In a nation where we are constantly reminded of how the average adult eats far too much, it’s hard to imagine that a fastest growing portion of our population regularly eats too little. Seniors' battle with nutrition is one often fought in silence, with most never recognizing or addressing the issue. A recent study showed just how serious the issue of elderly malnutrition really is, but what’s causing it is far less clear.
In their study, researchers from the American College of Emergency Physicians questioned patients aged 65 and over who were waiting to be seen at a hospital’s emergency room. The emergency room was believed to be an excellent resource for this study, seeing as many who arrive for treatment may have limited resources or no access to primary care.
It was found that a shocking 60 percent of those approached were either malnourished or at risk for malnutrition. Of these, a further 77 percent had never been diagnosed with malnutrition by a physician, despite the obvious signs. "We were surprised by the levels of malnutrition or risk of it among cognitively intact seniors visiting the ER, and even more surprised that most malnourished patients had never been told they were malnourished," lead author Timothy Platts-Mills explained in a recent press release.
Malnutrition is a broad term encompassing both those who suffer from under-nutrition and over-nutrition. In the study, the issue of under-nutrition was found to affect an alarmingly high amount of individuals over the age of 65. Under-nutrition, or subnutrition, occurs when an individual does not eat enough or eats an unbalanced diet lacking one or more of the basic food groups.
The majority of these individuals have access to health care, are not critically ill, and do not have dementia, which left researchers puzzled as to why they simply aren’t eating enough. “Some of these patients aren’t eating enough because they are isolated. Some have access to food but are less inclined to eat because they have dental problems or depression,” Platts-Mills told Medical Daily.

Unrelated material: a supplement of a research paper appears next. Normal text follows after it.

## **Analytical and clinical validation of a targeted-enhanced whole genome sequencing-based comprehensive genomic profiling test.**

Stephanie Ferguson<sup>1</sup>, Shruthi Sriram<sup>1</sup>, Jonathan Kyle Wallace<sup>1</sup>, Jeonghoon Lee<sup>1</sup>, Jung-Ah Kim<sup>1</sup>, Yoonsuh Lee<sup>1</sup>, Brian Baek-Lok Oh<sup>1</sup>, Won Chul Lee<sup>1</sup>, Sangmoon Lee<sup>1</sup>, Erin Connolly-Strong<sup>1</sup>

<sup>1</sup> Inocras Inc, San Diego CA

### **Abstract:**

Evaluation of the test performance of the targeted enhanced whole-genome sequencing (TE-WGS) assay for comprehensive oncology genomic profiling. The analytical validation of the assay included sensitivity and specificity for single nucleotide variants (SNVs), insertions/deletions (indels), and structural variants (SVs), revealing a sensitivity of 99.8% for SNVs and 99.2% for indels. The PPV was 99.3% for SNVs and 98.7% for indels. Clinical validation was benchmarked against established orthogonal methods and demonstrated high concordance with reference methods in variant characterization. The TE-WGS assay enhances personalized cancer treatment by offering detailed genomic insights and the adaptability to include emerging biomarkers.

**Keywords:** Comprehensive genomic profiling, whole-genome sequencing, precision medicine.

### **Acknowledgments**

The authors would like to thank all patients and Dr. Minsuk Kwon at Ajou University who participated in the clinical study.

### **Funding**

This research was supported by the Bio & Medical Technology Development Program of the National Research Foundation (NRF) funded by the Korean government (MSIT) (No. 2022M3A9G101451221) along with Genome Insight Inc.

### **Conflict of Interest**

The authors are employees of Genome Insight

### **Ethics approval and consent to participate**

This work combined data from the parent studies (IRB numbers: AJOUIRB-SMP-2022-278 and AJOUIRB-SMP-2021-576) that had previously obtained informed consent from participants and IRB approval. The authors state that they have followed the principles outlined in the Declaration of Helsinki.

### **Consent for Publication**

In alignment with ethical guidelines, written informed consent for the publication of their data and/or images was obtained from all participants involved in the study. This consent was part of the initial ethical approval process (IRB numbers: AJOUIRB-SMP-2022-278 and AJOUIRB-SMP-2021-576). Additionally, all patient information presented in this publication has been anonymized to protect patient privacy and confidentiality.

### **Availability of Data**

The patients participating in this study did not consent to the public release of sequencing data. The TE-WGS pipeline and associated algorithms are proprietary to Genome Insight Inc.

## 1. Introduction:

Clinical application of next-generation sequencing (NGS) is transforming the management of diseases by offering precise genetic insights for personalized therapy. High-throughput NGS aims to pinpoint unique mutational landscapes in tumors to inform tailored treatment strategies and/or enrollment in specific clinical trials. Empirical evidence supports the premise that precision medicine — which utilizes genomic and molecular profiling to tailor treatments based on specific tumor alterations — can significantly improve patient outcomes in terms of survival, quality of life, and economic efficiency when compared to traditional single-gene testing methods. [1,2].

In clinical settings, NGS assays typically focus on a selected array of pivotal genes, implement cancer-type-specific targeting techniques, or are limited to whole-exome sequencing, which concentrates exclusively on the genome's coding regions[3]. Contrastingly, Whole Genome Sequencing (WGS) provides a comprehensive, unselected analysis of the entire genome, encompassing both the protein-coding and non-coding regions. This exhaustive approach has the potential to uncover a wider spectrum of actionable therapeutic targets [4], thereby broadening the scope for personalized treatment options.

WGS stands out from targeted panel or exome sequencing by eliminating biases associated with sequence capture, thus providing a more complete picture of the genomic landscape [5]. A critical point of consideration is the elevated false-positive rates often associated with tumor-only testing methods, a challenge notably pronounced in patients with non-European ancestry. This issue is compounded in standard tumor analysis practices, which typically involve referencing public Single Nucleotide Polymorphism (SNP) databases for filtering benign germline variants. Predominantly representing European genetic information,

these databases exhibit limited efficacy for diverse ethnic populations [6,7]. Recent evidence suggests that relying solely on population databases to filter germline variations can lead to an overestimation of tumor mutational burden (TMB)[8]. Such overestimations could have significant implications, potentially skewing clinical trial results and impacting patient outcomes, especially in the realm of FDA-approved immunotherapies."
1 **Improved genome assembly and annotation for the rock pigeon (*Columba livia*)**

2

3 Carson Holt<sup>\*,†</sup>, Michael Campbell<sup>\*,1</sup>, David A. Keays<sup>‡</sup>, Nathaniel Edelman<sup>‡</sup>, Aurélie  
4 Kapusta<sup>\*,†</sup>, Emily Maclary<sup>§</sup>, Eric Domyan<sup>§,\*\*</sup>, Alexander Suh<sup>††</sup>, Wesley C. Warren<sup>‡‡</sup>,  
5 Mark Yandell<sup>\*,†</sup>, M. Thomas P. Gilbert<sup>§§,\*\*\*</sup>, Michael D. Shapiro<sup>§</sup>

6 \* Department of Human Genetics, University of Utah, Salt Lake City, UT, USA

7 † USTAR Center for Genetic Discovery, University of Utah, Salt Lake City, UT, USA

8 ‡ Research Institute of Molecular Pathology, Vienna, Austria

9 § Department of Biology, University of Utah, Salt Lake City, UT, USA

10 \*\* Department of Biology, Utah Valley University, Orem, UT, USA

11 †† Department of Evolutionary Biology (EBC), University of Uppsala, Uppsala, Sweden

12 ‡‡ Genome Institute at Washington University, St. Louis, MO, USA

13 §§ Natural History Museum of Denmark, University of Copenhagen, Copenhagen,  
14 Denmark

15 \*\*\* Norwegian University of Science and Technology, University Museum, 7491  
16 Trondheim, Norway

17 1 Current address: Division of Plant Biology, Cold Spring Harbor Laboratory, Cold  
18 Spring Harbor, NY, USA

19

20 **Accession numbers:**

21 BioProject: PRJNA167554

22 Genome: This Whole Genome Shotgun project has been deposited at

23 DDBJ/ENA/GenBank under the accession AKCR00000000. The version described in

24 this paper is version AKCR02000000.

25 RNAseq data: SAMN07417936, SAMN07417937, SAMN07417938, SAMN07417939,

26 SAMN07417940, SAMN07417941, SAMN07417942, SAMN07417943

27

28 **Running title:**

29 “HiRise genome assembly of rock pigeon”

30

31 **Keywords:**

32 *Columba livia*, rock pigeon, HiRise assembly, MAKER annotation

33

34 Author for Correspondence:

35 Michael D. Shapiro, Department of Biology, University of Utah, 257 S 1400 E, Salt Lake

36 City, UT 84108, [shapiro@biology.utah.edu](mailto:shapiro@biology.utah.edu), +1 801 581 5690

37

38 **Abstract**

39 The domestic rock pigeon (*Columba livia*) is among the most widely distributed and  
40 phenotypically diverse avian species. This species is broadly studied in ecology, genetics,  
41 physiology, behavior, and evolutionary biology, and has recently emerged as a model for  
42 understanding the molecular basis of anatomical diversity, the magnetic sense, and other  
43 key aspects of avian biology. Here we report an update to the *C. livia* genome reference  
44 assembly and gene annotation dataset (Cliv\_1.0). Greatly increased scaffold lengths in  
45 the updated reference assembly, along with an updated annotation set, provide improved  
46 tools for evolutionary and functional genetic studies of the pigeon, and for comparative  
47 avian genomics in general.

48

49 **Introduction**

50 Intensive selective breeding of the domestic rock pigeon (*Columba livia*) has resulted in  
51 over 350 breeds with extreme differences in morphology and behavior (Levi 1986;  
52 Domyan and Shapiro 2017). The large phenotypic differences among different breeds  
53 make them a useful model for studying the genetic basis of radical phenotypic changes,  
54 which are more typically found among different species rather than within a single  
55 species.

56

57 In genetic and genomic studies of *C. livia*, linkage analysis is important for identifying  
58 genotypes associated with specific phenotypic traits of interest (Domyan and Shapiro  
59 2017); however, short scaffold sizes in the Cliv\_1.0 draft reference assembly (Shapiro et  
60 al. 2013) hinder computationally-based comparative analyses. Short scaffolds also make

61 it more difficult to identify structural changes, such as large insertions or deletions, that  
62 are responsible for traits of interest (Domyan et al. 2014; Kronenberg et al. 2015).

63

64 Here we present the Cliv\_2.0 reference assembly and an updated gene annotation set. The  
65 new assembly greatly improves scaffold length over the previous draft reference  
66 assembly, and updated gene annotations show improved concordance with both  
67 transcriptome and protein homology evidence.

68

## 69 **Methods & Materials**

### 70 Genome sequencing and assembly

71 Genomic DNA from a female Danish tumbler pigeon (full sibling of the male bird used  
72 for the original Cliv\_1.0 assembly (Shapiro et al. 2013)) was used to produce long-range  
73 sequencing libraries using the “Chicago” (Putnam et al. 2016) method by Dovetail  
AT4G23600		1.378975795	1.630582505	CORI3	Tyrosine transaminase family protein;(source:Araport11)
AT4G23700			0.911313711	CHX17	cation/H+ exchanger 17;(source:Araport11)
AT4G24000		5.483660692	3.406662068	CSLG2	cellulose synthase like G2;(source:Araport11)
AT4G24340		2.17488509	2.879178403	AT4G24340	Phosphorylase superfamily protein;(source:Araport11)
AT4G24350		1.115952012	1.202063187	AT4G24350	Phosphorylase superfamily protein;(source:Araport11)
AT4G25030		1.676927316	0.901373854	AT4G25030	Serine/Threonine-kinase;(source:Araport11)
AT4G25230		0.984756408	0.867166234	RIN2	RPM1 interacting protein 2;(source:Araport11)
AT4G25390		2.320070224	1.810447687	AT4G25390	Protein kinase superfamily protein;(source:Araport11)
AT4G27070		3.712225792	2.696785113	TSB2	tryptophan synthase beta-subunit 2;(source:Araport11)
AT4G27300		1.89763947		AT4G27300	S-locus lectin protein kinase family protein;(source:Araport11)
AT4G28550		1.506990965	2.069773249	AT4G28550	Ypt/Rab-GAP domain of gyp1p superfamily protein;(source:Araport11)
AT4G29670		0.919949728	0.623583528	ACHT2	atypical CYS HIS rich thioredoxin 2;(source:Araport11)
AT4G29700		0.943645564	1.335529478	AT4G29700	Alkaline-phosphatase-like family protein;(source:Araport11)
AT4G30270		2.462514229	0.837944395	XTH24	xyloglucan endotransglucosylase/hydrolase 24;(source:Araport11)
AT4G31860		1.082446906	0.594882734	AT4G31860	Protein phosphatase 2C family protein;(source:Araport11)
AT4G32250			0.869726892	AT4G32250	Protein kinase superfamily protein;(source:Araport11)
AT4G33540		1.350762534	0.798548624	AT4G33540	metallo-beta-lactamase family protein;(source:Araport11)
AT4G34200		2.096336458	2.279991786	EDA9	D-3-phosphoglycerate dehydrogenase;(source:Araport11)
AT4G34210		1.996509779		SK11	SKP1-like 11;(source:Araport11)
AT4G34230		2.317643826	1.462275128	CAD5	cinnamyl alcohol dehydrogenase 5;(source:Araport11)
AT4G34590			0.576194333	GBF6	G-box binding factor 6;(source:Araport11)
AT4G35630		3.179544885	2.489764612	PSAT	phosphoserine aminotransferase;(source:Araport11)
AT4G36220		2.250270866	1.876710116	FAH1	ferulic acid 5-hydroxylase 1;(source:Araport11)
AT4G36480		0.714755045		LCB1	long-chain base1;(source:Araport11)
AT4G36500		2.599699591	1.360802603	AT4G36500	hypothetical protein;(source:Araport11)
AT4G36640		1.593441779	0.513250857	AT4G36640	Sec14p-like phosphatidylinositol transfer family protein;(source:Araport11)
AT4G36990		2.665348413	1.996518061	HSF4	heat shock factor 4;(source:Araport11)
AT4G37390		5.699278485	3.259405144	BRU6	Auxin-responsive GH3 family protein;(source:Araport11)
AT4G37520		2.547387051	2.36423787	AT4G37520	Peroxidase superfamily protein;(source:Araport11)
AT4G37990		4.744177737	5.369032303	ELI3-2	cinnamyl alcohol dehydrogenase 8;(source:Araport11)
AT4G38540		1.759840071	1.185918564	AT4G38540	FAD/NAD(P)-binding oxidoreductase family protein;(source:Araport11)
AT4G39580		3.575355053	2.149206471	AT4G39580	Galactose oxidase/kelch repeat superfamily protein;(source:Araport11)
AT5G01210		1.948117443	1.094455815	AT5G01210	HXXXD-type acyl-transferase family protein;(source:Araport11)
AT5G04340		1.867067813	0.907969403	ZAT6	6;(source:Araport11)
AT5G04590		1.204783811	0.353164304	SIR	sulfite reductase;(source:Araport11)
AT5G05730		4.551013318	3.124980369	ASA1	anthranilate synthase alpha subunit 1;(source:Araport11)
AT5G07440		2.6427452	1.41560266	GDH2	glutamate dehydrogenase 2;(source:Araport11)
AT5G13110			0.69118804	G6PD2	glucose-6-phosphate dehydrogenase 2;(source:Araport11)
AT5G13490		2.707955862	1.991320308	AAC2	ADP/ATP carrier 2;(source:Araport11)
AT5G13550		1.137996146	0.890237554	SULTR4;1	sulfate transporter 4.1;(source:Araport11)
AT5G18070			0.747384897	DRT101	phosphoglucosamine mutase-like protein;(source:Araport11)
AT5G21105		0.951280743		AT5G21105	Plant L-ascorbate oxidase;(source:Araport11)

Results showed that malnutrition was highest among those with symptoms of depression, a correlation that is not completely understood. “Our data is cross-sectional. We know there is an association, but we don’t know the directions. It’s possible that both directions exist,” Platts-Mills added. It was also noted that malnutrition rates were higher in seniors housed in assisted living facilities. This may be due to a combination of loneliness and underlying health problems, such as cancer.
Adding social work resources to conduct additional screens for older adults would be a quick and cost-efficient solution. The screenings would take between three and five minutes, and once the problem is diagnosed the social workers can collaborate with senior citizens to come up with a feasible solution. This fix is not currently supported by data, but it is hoped that soon more will be done to demonstrate the long-term success of these terms.
For the time being, you can help any malnourished older person by noticing if they have disinterest in food, decreases in functional activity or functional capacity, such as not being able to walk upstairs, or just an overall decrease in movement. “For family members, the most specific sign may be that the senior citizen is just not eating enough,” Platts-Mills informed Medical Daily.
Source: Platts-Mills TF, Pereira GF, Bulik CM, Weaver MA, Holland WC. Malnutrition Among Cognitively Intact, Noncritically Ill Older Adults in the Emergency Department. Annals of Emergency Medicine. 2014.